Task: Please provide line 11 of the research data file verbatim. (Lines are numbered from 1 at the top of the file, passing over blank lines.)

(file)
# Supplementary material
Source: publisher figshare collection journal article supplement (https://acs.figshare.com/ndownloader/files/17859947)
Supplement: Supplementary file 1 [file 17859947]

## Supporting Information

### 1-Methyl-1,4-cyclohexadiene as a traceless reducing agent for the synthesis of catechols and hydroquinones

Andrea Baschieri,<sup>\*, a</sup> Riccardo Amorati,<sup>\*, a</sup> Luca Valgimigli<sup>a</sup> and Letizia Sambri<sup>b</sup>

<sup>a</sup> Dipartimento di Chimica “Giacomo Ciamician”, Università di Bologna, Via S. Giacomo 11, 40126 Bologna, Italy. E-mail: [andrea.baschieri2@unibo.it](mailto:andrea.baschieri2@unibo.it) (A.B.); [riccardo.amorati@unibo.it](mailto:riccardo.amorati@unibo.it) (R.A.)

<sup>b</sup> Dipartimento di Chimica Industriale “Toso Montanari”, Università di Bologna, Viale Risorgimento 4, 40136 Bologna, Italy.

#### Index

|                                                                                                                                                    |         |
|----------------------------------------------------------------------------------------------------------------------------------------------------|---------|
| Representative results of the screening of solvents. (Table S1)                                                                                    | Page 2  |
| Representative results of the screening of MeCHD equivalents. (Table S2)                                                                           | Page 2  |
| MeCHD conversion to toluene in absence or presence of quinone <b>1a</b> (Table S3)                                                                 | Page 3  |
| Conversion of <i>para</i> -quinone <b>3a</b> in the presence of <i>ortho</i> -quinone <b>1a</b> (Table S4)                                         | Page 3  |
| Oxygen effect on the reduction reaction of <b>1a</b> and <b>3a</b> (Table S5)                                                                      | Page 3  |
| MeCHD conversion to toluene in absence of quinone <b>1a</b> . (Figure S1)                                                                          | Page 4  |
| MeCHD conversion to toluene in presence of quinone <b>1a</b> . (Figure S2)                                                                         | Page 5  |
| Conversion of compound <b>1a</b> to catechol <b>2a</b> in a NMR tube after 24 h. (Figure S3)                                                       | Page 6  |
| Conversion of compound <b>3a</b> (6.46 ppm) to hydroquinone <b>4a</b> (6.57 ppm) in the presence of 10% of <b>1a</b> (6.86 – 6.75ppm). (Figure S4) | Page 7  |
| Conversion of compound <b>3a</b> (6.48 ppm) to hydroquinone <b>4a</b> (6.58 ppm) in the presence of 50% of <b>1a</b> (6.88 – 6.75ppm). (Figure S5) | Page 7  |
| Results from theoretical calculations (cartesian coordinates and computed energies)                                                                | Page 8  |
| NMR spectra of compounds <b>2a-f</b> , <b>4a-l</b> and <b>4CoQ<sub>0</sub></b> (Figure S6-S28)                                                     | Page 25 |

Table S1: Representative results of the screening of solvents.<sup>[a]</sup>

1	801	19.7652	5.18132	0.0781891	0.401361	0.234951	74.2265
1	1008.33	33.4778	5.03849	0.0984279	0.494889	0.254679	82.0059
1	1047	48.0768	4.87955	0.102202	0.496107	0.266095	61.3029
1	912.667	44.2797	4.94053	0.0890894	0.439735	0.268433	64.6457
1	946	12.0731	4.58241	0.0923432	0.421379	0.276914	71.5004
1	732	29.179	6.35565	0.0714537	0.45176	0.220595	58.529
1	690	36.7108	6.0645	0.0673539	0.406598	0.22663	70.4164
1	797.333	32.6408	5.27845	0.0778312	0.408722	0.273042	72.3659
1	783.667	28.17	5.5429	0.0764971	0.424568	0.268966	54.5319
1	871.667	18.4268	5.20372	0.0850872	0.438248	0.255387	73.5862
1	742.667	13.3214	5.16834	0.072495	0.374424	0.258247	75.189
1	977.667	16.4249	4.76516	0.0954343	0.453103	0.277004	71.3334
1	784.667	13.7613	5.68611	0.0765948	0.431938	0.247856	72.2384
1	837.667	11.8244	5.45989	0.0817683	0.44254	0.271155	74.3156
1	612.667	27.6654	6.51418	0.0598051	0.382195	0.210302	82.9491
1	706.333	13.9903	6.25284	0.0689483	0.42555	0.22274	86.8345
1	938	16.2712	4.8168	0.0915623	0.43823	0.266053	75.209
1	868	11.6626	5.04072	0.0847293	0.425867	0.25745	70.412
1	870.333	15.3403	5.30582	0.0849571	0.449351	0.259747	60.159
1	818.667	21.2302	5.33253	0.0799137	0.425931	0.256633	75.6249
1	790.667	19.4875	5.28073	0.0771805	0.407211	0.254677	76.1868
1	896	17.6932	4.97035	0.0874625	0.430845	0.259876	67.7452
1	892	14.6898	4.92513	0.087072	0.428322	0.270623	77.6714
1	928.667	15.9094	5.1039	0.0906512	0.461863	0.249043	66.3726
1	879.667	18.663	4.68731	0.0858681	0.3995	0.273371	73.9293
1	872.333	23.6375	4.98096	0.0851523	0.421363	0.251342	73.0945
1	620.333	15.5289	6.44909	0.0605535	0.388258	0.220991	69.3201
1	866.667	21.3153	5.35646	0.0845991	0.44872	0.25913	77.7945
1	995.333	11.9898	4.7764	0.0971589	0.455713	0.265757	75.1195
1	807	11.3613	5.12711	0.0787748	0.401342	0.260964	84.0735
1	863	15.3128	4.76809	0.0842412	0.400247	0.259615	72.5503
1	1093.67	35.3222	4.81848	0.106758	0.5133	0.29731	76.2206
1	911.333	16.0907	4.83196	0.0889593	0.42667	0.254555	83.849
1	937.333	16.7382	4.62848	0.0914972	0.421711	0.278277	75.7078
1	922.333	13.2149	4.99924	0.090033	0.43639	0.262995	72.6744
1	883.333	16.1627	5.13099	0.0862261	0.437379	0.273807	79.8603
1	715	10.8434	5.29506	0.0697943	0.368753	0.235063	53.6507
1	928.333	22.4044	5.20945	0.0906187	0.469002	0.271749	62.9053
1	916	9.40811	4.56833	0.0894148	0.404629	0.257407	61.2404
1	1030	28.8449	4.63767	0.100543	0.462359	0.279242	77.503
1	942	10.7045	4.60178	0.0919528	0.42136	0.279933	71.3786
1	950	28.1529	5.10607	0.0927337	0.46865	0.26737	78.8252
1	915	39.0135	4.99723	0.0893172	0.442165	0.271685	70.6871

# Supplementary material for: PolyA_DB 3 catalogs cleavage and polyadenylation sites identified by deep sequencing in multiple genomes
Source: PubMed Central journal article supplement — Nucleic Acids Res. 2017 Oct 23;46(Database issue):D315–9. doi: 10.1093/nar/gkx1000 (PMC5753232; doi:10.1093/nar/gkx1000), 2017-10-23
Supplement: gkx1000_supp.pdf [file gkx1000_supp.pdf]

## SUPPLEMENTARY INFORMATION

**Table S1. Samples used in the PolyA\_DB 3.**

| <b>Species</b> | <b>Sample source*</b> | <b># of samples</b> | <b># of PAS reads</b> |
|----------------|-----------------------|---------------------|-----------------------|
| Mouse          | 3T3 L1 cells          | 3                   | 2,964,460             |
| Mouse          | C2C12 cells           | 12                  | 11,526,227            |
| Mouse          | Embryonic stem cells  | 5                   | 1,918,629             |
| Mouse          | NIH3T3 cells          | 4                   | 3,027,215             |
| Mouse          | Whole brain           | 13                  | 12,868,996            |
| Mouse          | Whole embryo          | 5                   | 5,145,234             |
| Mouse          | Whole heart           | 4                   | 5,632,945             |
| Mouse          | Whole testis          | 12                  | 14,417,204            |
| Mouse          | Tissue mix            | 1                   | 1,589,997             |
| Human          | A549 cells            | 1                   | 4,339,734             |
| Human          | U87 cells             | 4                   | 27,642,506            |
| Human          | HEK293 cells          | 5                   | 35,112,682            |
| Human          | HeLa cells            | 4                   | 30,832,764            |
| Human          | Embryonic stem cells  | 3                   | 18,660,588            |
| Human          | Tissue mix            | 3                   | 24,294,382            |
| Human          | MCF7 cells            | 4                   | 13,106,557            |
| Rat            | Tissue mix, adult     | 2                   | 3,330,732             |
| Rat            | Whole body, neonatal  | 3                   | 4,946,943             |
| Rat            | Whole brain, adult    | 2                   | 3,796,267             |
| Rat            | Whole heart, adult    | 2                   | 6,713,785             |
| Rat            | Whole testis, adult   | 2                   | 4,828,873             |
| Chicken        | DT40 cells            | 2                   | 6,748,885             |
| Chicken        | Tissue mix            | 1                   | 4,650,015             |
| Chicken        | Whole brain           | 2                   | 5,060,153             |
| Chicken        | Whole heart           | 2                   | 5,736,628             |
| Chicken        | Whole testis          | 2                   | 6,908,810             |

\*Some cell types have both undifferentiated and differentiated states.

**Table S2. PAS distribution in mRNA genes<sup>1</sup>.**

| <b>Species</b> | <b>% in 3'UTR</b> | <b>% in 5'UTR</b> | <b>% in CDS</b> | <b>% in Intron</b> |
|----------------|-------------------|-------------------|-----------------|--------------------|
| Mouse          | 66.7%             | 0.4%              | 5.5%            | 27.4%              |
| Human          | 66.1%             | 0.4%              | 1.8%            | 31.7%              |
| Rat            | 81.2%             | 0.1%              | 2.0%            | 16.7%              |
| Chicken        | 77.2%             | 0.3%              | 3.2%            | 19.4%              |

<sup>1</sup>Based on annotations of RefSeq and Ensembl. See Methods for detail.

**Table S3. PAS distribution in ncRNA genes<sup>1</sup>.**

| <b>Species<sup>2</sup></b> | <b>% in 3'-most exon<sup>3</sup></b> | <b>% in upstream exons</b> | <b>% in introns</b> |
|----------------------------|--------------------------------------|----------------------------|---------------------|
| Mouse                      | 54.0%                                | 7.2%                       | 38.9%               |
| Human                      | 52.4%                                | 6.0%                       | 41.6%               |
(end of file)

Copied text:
|----------------------------------------------------------------------------------------------------------------------------------------------------|---------|